Ammunition Safety: Wildcat Cartridges

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posted on November 29, 2016
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In addition to factory-produced cartridges for which the Sporting Arms and Ammunition Manufacturers' Institute (SAAMI) has developed dimensional and pressure standards, there are also non-standard "wildcat" cartridges developed by ballistic experimenters. Often a wildcat round is produced simply by necking up or necking down the cartridge case of a factory standard cartridge; sometimes other case modifications, such as reducing case body taper or sharpening the shoulder angle, are also performed. By definition, wildcat ammunition must be produced by reloading

In terms of safety, wildcat ammunition raises two issues. First, firearm chambers for wildcat cartridges may sometimes loosely accept other standard cartridges as well, creating a situation in which there is excessive headspace or case body clearance. If the standard cartridge is fixed in a wildcat chamber, potentially dangerous case head separations or case body splits could result. (The exception to this is the "Improved" wildcat chamber, which is designed to allow the safe firing of factory ammunition.) 

The second safety issue relating to wildcat cartridges relates to standardization. SAAMI publishes recommended cartridge and chamber dimensions, as well as maximum pressures, for factory ammunition produced in the United States; the Commission Internationale Permanente des Armes a Feu Portative (CIP) does the same for European-made ammunition. These standards provide a benchmark for ammunition manufacturers, gun makers, gunsmiths and others in the firearm industry, and ensure that all ammunition of a given caliber is safe to fire in virtually any firearm chambered for it.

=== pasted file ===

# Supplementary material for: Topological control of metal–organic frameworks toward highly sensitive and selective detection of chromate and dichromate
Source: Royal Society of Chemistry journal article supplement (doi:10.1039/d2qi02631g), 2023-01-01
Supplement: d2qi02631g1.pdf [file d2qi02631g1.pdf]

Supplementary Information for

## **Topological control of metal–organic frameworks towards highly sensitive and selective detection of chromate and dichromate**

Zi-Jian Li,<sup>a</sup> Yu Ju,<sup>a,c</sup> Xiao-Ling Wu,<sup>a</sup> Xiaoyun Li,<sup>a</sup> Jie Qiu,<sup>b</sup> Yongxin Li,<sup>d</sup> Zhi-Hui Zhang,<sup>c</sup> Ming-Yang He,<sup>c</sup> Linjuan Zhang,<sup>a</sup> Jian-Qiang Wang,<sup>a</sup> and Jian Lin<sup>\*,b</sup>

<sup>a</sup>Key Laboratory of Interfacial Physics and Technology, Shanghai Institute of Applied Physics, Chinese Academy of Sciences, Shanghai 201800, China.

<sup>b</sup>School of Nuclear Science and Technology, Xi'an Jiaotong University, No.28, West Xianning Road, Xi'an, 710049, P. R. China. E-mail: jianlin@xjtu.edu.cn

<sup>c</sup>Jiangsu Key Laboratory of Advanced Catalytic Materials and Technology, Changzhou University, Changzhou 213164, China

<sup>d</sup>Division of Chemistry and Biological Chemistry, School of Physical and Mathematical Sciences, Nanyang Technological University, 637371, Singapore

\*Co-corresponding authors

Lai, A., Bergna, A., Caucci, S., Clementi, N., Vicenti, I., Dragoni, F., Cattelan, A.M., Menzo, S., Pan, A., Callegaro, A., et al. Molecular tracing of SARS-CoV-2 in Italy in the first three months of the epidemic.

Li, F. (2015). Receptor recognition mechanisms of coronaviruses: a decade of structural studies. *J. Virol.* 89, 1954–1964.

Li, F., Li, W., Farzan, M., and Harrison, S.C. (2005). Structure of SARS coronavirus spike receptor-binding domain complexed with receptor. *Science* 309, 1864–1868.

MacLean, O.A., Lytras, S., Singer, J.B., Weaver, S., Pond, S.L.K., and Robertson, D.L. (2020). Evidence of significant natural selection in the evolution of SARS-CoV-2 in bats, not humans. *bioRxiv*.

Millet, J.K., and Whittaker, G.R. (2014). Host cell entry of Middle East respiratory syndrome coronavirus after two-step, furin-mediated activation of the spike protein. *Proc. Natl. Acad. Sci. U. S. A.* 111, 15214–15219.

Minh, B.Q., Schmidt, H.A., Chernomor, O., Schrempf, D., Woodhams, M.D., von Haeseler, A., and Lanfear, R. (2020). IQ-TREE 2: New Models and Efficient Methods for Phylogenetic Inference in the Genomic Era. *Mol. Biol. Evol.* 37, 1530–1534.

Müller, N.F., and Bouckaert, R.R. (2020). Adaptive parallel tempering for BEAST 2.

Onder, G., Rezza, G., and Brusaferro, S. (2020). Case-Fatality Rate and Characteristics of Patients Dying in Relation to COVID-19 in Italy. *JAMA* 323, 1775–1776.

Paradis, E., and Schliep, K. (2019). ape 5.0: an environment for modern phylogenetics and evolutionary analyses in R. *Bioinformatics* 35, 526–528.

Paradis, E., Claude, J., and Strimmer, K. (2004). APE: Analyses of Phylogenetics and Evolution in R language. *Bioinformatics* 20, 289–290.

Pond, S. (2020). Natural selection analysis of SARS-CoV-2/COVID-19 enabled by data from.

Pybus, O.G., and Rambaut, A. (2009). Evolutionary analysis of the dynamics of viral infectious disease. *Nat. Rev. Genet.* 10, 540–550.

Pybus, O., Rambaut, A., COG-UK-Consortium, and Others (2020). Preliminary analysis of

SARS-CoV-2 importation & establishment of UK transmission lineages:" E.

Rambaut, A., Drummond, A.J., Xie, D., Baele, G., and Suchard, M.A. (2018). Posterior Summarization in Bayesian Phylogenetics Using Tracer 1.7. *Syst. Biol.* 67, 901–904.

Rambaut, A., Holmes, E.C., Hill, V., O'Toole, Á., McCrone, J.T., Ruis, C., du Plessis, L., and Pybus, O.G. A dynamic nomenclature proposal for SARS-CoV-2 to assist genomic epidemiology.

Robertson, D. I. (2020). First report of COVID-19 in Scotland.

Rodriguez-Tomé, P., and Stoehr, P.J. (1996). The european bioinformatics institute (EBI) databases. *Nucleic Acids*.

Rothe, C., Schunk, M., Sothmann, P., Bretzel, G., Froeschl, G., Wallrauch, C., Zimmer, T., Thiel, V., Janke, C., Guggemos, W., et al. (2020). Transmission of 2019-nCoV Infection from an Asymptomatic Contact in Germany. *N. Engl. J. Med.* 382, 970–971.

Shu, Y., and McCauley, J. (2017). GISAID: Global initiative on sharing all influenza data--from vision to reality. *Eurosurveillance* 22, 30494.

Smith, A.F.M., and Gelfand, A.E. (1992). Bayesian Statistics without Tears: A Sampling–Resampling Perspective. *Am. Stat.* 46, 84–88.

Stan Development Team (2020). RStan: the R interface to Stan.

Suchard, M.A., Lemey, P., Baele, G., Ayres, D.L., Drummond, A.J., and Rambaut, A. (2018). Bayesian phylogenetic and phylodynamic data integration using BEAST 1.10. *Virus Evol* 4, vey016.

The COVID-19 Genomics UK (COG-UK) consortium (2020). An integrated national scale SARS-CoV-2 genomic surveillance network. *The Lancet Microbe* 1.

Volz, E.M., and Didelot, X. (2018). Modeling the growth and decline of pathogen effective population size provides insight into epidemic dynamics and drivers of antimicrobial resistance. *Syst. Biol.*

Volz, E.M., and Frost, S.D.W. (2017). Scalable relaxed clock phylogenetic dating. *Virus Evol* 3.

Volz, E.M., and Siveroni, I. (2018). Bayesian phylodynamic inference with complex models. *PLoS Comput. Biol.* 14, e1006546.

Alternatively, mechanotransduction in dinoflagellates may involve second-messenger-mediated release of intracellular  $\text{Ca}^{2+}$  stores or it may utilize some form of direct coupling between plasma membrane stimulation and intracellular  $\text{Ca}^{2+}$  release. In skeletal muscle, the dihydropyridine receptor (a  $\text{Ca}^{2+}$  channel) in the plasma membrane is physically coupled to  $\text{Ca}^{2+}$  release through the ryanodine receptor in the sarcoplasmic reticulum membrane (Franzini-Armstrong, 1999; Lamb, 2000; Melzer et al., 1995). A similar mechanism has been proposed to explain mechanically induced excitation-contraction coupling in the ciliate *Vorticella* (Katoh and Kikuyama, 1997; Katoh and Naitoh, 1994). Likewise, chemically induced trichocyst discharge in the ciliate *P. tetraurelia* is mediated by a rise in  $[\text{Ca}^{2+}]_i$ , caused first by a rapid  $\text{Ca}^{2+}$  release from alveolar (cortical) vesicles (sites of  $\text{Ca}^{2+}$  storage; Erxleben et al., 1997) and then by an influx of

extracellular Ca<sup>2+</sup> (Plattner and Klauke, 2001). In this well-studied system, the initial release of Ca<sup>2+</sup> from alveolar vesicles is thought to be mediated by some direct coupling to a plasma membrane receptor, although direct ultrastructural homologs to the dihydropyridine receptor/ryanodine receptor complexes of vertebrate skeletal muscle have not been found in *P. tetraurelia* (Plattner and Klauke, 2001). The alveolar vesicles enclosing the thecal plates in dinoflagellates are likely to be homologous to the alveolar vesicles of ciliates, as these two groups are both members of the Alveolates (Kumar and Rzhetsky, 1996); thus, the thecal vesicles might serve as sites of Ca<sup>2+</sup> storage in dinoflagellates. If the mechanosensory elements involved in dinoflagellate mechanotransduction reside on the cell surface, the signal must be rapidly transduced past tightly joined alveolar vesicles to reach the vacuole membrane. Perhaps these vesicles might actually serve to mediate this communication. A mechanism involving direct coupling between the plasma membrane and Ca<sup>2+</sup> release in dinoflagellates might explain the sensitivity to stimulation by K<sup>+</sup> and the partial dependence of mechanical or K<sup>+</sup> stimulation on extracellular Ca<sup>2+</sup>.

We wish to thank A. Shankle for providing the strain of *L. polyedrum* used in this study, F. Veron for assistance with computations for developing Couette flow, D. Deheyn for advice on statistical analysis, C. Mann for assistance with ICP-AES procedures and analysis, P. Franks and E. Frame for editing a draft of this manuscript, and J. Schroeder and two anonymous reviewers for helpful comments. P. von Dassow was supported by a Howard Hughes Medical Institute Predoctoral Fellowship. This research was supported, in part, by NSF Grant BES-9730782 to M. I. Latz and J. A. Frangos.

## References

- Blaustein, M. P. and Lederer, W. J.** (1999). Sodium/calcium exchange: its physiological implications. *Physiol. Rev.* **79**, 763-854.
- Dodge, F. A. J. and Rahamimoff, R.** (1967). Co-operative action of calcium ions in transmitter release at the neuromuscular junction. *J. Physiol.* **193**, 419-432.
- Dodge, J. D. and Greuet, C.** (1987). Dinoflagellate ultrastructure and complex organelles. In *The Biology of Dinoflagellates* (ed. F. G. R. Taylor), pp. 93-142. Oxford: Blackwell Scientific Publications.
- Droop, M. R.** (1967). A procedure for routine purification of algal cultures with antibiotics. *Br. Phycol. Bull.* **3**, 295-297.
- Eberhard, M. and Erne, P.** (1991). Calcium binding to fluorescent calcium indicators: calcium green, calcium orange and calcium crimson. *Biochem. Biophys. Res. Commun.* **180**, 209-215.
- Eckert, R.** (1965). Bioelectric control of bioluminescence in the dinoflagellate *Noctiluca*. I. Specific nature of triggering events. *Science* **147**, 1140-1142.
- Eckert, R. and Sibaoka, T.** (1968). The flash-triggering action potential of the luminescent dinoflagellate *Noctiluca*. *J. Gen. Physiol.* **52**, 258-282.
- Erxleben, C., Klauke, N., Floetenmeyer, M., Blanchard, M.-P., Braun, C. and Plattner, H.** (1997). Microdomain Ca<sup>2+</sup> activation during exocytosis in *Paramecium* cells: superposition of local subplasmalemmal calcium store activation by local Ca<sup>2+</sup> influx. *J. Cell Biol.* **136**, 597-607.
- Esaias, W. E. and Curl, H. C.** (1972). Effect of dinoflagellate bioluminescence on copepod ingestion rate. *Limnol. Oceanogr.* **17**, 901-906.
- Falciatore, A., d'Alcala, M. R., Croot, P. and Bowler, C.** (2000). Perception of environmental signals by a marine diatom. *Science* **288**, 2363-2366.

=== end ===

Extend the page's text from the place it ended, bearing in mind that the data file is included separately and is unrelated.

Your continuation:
No such standards exist for wildcat cartridges. Minute differences in the shoulder angle, neck length and body taper of a case, or the neck diameter or throat length of the chamber, as well as the lack of pressure standards and pressure-tested load data, all make the assembly of wildcat loads challenging, even for highly experienced reloaders.

Compounding the problem is the fact that many wildcat rounds were created for target competition, and were thus designed to be used in guns with competition-type chambers having tight necks, custom throats and/or minimum SAAMI dimensions. 

Any shooter who has acquired a gun (particularly a rifle) chambered in a wildcat caliber should first have a competent gunsmith make a cast of the chamber and throat. From this, proper cartridge dimensions can be obtained.

Note that NRA recommends reloading only using pressure-tested loading data published by reputable sources, such as the manufacturers of powder, bullets and other cartridge components.

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